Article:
But Morgenthau and Tamkoc make the mistake of generalising on the concept of 'National Character.' In his section on 'Turkish Political Culture' Tamkoc states that the 'fundamental characteristics of political beliefs' held by Turks are as follows: 'The individual regards himself first and foremost as a Turk, endowed with special qualities, powers and obligations to protect and preserve the motherland of the Turkish polity . . . Almost equal in importance, however, is his belief in himself as a Moslem, which in his way of thinking is nearly synonymous with the word Turk.' Tamkoc then points out that every Turk is 'suspicious of "strangers" (yabanalar) and foreigners, usually identified as gavurlar (e.g. Moskof gavuru) bent upon exploiting the human and natural resources of his motherland'.

Instead of vague and fragile generalisations about the 'national character' of a whole people this book will deal with the experiences and actions of a specific elite, those involved in the making of foreign policy during this period.

In the mid thirties, this elite perceived the major threat to Turkish security to be Italy, with its heavily fortified islands just off the Turkish coast, and Mussolini's trumpetings of'Mare Nostrum'. The significance of Italy in Turkish thinking is often overlooked by writers who use the benefit of hindsight and take into account Italy's poor performance in the actual hostilities. Weisband focuses exclusively on the Soviets as the primary threat to Turkey and makes no mention of Italy, yet Italy loomed large on the world scene in the twenties and thirties. Elizabeth Monroe comments in a book written in 1938: 'The Turkish dislike of Italy dates back to the war of 1911-12 and the capture of the Dodecanese and Libya. It simmered during the World War and grew vehement after the Armistice when Italy's aims were discovered to include a province in Asia Minor.' After Italy was denied her prize in the Antalya region she, 'mourned aloud for the lost province'. Contemporary apologists of Fascist foreign policy also mourned aloud the passing of, 'the good natured easy going Oriental race of the past with whom it was always possible to come to a friendly understanding'. Fear and suspicion of Italy were the primary factors leading to Turkey's rapprochement with Britain.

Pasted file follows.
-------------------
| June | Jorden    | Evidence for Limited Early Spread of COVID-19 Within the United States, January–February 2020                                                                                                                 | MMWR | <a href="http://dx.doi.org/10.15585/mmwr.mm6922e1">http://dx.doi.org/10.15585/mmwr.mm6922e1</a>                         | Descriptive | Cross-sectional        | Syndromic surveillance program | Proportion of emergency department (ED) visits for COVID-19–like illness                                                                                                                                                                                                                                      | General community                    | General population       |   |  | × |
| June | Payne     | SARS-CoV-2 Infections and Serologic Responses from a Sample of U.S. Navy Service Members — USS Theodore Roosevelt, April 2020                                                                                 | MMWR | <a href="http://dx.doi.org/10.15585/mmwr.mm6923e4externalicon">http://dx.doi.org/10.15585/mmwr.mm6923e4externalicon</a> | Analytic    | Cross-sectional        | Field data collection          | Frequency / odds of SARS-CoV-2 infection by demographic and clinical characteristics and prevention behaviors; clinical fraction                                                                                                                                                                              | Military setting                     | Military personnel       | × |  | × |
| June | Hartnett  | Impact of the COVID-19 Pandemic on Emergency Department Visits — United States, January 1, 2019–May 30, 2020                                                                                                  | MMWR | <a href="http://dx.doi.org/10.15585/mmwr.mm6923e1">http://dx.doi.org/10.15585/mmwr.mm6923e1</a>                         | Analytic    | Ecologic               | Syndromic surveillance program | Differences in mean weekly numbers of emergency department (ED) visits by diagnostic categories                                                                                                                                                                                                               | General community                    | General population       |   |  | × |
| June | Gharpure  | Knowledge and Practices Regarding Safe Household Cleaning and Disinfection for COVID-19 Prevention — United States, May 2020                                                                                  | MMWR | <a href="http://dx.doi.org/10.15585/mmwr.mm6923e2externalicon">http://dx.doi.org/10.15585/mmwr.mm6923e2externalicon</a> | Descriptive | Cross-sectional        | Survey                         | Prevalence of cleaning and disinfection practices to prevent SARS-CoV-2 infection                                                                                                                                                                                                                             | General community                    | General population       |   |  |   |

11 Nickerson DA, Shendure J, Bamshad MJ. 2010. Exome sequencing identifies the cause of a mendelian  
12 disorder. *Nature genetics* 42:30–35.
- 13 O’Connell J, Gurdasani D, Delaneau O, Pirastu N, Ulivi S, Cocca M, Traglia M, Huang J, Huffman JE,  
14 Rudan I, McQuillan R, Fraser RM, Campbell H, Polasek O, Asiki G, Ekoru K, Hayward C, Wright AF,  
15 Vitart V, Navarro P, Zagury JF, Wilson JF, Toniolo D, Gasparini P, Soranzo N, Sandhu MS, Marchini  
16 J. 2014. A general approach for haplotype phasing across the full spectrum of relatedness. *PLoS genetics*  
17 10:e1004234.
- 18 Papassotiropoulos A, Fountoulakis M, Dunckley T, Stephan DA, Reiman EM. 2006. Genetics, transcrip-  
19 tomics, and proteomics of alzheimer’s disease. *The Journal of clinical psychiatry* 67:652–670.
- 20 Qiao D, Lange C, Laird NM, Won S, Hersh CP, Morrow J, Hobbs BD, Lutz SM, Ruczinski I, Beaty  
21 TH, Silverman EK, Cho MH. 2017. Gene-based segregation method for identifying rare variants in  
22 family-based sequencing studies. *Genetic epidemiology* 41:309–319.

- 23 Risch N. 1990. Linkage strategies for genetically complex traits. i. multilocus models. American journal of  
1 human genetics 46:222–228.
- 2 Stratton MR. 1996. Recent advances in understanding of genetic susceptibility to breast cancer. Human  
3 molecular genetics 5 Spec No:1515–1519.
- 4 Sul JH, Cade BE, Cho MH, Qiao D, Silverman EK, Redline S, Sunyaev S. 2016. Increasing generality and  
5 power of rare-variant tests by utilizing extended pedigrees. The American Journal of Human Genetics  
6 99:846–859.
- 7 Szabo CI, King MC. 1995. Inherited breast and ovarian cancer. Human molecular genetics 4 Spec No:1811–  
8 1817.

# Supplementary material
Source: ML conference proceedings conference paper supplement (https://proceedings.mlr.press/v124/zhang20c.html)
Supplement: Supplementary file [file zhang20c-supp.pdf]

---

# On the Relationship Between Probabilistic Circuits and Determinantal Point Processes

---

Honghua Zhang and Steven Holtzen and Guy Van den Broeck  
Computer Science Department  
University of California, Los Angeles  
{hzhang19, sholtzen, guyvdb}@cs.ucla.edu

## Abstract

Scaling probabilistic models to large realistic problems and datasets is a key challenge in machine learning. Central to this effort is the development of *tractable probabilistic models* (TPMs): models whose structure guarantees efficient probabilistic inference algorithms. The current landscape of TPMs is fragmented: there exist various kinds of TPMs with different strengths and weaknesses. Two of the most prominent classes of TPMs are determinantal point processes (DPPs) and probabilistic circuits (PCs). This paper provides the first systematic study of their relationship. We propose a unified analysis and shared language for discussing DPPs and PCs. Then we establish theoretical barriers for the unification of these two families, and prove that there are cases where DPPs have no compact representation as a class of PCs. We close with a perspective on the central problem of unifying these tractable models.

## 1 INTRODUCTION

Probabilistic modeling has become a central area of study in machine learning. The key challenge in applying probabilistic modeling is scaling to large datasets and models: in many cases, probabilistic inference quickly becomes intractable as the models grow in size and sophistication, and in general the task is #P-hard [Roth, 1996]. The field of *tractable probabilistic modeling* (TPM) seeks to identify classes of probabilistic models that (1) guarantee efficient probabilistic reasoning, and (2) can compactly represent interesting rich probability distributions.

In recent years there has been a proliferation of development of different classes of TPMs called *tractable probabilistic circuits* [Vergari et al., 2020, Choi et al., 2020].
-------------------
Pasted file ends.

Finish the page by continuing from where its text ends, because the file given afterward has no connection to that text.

A study of Turkish foreign policy should ideally be based on Turkish archives. But unfortunately this is not possible as the main Turkish archival material dealing with the foreign policy of this period is closed to private research. The Soviet archives for this period are also unavailable. For instance one episode I have been unable to deal with as a result of this is the Turkish-Soviet agreement of non-aggression concluded in March 1941, as an increasingly more anxious Soviet Union cast about for contingency plans to guard against German aggression. Therefore I have had to use the British Foreign Office archives as my main unpublished source. I have attempted to balance this by using available Turkish material. As such I have made use of published and unpublished memoirs and the press. In particular Numan Menemencioglu's unpublished memoirs, 'Les Detroits vus de la Mediterranee: aperpus, etudes, souvenirs,' constitutes a very useful source by a man who was a central figure at this time. I have given special prominence to the press, therefore we need to consider what it can tell us. Given the fact that the press was controlled, it forms an invaluable source of information on government thinking. The media was strictly controlled by the government through a number of laws and press regulations. The most important of these was press regulation No. 1,881 which could be applied to impose fines and prison sentences on columnists as well as close down their papers if they published articles 'undermining public confidence in the State, or in the officials of the State'. In addition to this first tier of control there was also the fact that martial law had been declared in six provinces including Istanbul. This meant that papers could also be closed by order of the martial law authorities.